So you can just say, "Peaches, come." She comes in. You have that jar right there. You're in your bathroom, brushing your teeth. She's not with you. You go, "Hmm, this is a great time for her to learn what a recall is. Peaches, come." She comes in. She gets a treat, and they're in the bathroom. She's probably never gotten a treat in the bathroom.

Alison Sieke:
Totally.

Kyle Kittleson:
So she learns, "Man, when Mom says come, and I show up, she always has a nice gift for me. So I'm going to come every time she calls."

Alison Sieke:
This is immediately our new favorite game, and we're going to do it starting today.

Anosh:
I have a very serious and plausible question for you, Kyle.

Kyle Kittleson:
Okay.

Anosh:
If I were a systems analyst with a specialty in cargo and shipping, and it was Christmastime, and I was in charge of getting a lot of packages to where they needed to go on Christmas, and I was super committed to my job, and someone came to me and said, "Oh, this package won't make it out in time for Christmas," and that devastated me, so I decided to jump on board a plane and get this package to where it needed to be on time. But the only thing is, we hit some turbulence in that cargo plane, and we went down hard. And we crashed off the coast of Malaysia, and everyone perished except for me. I was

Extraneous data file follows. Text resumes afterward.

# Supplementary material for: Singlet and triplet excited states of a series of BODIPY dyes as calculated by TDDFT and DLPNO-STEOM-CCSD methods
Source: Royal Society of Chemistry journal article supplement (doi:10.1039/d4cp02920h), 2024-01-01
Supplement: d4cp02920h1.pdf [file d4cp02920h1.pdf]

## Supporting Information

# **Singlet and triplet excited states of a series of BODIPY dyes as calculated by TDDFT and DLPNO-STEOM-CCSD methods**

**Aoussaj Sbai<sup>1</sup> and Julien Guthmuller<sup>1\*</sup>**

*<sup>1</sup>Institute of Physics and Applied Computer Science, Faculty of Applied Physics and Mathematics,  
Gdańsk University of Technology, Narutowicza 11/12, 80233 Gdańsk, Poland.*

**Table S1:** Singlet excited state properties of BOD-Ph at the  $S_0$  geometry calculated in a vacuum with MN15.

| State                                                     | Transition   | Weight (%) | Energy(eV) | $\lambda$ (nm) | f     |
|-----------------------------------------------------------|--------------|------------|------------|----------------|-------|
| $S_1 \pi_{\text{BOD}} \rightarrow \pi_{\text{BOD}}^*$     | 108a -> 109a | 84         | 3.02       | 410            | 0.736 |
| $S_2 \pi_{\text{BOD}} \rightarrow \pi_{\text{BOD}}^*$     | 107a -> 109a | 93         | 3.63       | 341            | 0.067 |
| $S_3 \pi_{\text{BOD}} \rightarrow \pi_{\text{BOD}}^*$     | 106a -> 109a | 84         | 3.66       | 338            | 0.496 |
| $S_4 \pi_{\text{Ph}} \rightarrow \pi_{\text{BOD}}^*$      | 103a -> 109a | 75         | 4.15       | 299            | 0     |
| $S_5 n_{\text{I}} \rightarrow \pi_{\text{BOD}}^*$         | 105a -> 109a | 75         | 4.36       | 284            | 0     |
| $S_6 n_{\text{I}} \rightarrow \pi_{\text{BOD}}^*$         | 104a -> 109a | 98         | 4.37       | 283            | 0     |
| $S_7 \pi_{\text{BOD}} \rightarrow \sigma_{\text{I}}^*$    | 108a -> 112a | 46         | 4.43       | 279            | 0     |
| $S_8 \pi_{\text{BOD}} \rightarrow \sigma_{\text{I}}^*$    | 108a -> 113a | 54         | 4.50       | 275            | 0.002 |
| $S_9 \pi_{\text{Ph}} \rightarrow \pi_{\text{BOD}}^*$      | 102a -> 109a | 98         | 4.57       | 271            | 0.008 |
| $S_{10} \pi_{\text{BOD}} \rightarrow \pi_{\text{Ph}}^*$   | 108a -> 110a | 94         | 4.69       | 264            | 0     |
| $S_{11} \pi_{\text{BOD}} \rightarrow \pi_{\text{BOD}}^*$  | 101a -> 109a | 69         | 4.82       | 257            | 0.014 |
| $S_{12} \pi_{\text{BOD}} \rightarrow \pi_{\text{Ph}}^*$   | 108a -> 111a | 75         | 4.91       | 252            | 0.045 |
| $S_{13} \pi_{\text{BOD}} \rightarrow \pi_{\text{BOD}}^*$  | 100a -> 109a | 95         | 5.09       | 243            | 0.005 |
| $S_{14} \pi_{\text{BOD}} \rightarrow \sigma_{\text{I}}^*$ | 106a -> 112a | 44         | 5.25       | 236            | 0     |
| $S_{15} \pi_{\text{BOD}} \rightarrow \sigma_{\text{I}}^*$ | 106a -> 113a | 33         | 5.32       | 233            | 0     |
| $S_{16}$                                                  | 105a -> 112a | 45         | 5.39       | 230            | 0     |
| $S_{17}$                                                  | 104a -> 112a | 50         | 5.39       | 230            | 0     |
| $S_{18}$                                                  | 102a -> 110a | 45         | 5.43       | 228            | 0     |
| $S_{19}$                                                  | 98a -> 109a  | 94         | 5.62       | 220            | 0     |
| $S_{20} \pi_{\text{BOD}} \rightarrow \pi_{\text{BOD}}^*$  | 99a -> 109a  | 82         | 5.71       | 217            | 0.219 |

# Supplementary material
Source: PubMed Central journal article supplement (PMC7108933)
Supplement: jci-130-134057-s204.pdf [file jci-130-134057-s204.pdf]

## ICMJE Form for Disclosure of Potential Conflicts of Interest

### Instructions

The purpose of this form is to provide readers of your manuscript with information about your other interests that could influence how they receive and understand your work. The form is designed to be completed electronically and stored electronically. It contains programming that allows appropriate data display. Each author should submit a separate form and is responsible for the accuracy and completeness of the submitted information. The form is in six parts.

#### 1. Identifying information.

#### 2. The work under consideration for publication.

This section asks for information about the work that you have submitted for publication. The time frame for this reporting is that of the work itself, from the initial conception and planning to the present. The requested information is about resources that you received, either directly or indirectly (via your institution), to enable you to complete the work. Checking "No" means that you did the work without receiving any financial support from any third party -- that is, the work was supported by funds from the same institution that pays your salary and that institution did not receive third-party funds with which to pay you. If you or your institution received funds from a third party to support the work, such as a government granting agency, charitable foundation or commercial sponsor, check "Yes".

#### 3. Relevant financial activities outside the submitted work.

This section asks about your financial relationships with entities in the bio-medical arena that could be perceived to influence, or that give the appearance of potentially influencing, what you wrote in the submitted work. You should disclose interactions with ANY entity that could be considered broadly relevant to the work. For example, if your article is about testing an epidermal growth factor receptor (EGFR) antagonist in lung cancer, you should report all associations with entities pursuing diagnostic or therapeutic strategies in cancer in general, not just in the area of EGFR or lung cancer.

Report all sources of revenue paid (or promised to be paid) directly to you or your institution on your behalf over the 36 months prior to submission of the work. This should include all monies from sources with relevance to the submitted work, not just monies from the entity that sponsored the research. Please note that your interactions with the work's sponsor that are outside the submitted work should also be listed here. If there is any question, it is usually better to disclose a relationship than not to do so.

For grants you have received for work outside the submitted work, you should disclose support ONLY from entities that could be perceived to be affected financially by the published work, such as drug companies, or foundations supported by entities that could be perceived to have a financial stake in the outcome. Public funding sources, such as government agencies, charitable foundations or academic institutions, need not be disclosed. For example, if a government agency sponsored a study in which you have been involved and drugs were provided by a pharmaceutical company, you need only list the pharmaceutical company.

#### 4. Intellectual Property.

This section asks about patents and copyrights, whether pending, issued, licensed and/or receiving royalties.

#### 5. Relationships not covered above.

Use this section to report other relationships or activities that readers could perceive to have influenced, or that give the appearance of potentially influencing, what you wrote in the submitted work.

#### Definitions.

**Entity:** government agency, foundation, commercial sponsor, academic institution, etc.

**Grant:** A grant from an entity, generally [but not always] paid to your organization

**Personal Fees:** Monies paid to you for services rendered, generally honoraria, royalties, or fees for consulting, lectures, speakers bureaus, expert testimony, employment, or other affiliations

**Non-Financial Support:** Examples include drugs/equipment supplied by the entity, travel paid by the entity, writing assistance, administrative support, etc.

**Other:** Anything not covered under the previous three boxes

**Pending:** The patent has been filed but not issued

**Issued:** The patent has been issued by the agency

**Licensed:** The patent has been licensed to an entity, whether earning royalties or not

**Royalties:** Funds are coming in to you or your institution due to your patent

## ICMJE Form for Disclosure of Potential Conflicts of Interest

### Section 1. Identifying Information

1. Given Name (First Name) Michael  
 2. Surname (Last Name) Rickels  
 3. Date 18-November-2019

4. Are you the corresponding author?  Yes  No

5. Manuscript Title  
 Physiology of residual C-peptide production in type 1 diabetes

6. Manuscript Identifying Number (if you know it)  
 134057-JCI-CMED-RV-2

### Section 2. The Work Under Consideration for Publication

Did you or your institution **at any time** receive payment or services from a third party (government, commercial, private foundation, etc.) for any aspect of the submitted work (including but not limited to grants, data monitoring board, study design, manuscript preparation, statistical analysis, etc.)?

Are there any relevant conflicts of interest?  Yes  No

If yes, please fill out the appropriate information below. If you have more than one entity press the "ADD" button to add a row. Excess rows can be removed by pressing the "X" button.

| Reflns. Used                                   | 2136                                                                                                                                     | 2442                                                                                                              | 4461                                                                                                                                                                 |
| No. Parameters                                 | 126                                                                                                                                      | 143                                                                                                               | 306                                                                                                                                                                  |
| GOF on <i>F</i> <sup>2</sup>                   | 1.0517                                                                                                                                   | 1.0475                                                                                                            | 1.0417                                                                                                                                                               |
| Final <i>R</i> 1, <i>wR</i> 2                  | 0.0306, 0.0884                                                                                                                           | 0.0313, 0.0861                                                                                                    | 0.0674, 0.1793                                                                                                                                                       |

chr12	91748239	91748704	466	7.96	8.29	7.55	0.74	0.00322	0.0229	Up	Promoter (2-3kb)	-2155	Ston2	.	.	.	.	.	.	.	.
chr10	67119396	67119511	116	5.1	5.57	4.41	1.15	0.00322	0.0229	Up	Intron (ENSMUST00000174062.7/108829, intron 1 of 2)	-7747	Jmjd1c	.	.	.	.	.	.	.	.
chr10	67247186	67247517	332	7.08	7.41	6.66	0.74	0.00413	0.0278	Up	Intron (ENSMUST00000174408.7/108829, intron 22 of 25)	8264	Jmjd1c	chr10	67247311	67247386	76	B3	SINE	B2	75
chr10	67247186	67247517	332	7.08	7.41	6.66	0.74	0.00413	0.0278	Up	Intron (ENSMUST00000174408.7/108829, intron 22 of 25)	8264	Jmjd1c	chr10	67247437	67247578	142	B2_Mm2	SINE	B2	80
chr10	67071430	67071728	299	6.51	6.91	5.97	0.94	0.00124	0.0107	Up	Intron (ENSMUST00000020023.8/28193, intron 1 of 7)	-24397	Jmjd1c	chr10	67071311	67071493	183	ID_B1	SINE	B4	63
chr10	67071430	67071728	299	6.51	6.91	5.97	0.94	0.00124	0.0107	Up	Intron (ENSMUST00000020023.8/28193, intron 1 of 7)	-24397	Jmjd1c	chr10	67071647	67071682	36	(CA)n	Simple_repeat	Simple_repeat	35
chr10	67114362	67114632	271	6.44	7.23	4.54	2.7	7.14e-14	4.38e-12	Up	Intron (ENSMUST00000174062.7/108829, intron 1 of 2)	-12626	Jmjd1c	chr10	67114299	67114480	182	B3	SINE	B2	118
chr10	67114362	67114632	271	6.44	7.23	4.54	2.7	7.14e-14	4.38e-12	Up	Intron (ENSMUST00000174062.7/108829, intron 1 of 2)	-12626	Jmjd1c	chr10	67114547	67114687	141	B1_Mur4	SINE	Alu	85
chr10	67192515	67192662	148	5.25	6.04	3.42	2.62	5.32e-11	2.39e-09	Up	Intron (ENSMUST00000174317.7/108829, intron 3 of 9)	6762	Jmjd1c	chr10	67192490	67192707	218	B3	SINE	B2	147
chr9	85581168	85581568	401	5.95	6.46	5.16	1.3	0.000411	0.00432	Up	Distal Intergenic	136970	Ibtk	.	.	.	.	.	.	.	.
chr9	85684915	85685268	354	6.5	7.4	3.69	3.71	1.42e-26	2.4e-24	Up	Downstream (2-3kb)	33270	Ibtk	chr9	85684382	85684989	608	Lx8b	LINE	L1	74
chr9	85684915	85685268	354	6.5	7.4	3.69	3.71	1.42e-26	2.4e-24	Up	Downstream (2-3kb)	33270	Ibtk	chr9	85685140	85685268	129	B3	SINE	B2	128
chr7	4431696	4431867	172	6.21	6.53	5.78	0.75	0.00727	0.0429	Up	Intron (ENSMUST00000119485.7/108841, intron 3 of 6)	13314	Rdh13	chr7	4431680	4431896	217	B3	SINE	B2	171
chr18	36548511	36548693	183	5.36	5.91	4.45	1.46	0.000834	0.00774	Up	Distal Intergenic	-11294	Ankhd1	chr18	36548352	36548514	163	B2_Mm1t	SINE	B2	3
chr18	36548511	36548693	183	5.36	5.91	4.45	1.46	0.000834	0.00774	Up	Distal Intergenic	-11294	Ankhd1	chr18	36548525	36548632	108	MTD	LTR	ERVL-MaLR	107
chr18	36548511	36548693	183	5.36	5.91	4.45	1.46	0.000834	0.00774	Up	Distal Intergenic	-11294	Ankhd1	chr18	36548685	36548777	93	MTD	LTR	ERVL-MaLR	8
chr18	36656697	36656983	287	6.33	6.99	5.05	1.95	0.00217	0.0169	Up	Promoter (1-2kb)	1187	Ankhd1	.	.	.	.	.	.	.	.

the only one who survived, and I made it to this small, deserted island. Now, I know what you're thinking, "Anosh, isn't that just the plot to Castaway?" But it's not, and here's why, because when I get to that island, I discover that there's a giant, fully-stocked Petco on the island. Yeah, a fully-stocked Petco. So my question is: if I were stranded on this deserted island, and I needed to survive off of dog and cat food, would I be able to, and for how long?

Kyle Kittleson:
Well, I mean, if they have a huge Petco, you'll be able to survive forever. Pet food now is so good, guys. It's not like un-edible stuff. The stuff we're feeding our animals is the best it's ever been. If all you had was pet food to live on, you would do just fine, especially if you had a mixture of dog food, cat food, and
fish food. You'd probably not even get sick of one of them.

Alison Sieke:
Breakfast, lunch, and dinner.

Kyle Kittleson: